The Supreme Court will not be a major political issue in the presidential election between Barack Obama and Republican Mitt Romney. That is the important secondary implication of Chief Justice John G. Roberts’ surprising decision to join with the court’s liberal bloc in upholding Obama’s signature domestic policy achievement, the Affordable Care Act, even as he rejected its premises on two counts as unconstitutional and un-American.
Whether or not that was Roberts’ motivation, he has enough political savvy to recognize the effect and enough concern about the court’s institutional standing to be glad of it. Roberts’ vote to keep the health-care law essentially intact answers the politicians and pundits who, along with a growing number of Americans, saw the court as overtly partisan, toeing a Republican line.
Before saving Obamacare, however, Roberts sided with Republican politicians, libertarian legal scholars, and the conservative commentariat in criticizing it. The individual health insurance mandate, Roberts said, amounted to “cradle to grave regulation” by a government of supposedly limited powers. “This is not the country the Framers of our Constitution envisioned,” he snapped.
Unconstitutional as well was the way that the Democratic-controlled Congress and the Democratic president decided to expand the federal-state Medicaid program to ensure health care for more of the nation’s poor. The federal government would be paying for the expansion, but Roberts said the provision allowing the government to withhold Medicaid funds from any state that did not go along was unconstitutionally coercive. “A gun to the head,” he termed it.
With those two passages, Roberts put himself on the side of that part of public opinion reflexively opposed to mandates and Washington. He also established, thanks to the votes of his four fellow conservatives in dissent, important legal markers for the future.
The federal government’s powers to regulate interstate commerce, we now know, cannot extend to forcing people to buy health insurance – or cars or broccoli. It is hard to imagine the next case where this will be important, but putting the fanciful broccoli analogy into U.S. Reports amounts to a signal victory for the libertarians who dreamed it up.
More importantly, Roberts and six other justices, including liberals Stephen G. Breyer and Elena Kagan, established an outer limit to the federal government’s Spending Clause power to use federal money to get states to go along with federal policies. The Court had never before found a federally imposed condition on federal money to be unconstitutional. That once-theoretical possibility is now real and as lawyer Kevin Russell pointed out on SCOTUSBlog could cast a shadow over federal anti-discrimination laws that threaten states with loss of federal money if they do not comply.
With these legal victories, it is no wonder that conservatives and libertarians view their glass as at least half full. “Lose the battle, win the war,” wrote Jonathan Adler, law professor at Case Western Reserve University, also on SCOTUSBlog’s free-for-all after the decision was announced. In like vein, Ilya Shapiro, editor in chief of the Cato Supreme Court Review, proclaimed, “We won everything but the case.”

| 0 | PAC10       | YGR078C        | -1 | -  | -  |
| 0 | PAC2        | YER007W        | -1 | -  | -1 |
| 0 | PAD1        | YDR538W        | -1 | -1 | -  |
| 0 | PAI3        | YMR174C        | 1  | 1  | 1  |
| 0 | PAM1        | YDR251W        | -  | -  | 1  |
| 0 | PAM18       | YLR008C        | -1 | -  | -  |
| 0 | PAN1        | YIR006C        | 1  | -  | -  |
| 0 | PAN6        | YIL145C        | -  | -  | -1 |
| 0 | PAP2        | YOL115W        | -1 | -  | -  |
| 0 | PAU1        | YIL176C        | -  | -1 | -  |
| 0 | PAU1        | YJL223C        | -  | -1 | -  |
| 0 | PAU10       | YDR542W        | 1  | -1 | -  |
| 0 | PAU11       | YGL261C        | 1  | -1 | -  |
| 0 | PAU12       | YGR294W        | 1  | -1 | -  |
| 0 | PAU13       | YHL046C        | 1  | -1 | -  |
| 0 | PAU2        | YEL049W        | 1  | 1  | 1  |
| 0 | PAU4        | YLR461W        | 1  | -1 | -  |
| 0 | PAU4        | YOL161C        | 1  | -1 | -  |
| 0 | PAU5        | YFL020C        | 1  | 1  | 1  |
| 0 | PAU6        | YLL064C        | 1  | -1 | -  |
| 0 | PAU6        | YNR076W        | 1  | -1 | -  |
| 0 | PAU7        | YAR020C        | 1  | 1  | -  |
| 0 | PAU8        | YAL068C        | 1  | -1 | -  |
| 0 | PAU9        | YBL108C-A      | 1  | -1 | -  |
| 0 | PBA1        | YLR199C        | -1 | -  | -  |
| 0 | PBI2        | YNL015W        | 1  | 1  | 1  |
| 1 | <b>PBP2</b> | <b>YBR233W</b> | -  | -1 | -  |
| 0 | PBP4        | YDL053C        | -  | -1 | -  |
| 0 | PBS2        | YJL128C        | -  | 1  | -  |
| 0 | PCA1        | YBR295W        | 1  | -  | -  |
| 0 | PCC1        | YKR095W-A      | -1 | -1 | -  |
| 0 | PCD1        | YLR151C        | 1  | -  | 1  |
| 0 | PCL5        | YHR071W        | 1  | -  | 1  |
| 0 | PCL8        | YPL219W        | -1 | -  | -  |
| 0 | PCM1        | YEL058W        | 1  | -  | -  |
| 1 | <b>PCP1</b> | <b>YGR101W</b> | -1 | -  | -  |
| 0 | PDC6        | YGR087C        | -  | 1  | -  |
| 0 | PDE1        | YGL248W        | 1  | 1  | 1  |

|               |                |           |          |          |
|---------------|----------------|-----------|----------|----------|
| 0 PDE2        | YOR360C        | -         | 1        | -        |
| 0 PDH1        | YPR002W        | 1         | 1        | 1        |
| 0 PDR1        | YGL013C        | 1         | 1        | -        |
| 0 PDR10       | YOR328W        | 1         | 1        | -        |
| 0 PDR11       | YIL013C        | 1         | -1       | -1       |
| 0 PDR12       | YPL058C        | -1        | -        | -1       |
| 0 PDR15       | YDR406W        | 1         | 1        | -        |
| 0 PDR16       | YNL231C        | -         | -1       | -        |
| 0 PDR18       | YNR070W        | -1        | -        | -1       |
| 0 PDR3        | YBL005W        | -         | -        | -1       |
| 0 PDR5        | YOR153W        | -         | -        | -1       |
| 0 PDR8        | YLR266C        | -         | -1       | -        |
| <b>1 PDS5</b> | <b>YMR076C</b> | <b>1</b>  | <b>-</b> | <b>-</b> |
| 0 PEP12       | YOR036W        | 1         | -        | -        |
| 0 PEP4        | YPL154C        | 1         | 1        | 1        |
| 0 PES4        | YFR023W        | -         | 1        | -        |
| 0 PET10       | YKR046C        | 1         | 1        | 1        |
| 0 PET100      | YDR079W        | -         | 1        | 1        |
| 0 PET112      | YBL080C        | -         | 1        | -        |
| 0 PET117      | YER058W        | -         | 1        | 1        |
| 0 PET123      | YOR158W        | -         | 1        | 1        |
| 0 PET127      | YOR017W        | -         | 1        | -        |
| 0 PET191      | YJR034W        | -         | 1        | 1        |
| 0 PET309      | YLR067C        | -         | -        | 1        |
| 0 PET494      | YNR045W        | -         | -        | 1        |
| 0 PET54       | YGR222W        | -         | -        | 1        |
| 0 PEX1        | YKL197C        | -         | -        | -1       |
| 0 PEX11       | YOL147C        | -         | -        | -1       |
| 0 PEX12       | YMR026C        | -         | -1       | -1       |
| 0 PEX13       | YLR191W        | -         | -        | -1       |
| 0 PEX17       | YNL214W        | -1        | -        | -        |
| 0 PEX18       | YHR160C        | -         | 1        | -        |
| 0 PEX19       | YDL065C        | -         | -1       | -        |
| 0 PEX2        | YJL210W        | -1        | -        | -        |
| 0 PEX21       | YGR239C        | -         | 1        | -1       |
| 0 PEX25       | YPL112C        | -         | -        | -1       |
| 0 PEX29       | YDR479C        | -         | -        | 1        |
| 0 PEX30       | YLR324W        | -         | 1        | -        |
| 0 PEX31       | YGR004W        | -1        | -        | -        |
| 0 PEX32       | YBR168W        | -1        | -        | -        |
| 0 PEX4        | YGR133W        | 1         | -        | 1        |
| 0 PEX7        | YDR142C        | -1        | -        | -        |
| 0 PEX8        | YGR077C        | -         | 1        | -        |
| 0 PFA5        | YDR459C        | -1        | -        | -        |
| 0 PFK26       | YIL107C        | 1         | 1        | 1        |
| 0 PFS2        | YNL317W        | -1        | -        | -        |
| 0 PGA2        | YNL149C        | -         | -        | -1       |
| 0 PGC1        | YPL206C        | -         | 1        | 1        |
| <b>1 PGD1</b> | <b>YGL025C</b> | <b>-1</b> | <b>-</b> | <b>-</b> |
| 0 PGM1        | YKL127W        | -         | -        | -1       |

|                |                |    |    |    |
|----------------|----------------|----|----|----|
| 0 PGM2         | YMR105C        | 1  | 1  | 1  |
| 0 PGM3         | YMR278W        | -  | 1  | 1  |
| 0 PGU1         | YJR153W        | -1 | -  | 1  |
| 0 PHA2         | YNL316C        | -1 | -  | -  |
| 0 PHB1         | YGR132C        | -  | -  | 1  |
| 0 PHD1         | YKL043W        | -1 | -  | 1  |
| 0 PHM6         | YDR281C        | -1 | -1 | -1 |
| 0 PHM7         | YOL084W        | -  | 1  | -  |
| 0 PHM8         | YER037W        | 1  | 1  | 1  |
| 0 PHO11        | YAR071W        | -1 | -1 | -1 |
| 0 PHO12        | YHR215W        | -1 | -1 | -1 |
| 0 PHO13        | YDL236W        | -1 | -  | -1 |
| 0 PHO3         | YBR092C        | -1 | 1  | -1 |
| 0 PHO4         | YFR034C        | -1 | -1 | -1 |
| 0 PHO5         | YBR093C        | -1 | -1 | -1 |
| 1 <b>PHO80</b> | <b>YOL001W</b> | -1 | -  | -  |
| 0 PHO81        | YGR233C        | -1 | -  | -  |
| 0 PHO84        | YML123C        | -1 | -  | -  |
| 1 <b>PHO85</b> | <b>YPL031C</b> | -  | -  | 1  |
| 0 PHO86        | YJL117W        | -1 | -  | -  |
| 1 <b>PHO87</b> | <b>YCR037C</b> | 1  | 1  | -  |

Justice Ruth Bader Ginsburg spoke for all four liberals in complaining that Roberts’ disquisition on the Commerce Clause was unnecessary if he was going to uphold the individual mandate as a constitutionally valid tax. Roberts’ response is singularly unconvincing. He explained that he would not have been forced to construe the act’s penalty as a tax but for finding its major rationale invalid.
Once construed as a tax, however, the “exaction” from the relatively small number of Americans who do not have insurance but can afford it is clearly within Congress’s power. As Roberts noted, the Court’s precedents make clear, for example, that the federal government can tax a lottery even if it has no power to run one.
The political consequences of declaring the insurance mandate to be a tax can only add to its unpopularity. “ObamaCare Taxes the American People and the House Will Repeal It,” House Republican Leader Eric Cantor declared in the press release announcing the scheduled July 11 vote on scrapping the bill altogether. The release is good short-term politics even if the move is doomed to fail in the Democratic-controlled Senate – and in any event would be vetoed by Obama.
For many legal scholars, Roberts is also unconvincing in rejecting the individual mandate as an exercise of Congress’s Commerce Clause power. Ginsburg recapitulated the argument that the “shared responsibility” provision forces health care customers to prepay for care through insurance rather than risk imposing the cost of unforeseen and uncompensated care on others. Roberts conceded that states could impose the requirement through their police power; Ginsburg countered that Congress has powers commensurate with the nationwide nature of the problem.
Roberts’ tie-breaking vote to uphold the law takes the court out of the political cross-hairs of Democrats and progressives. The indignant denunciations from some conservatives will soon be forgotten, especially when Roberts returns next term as the conservative leader of a conservative Court. For the moment, however, Roberts took one for the team the Court even if none of his colleagues thanked him for it.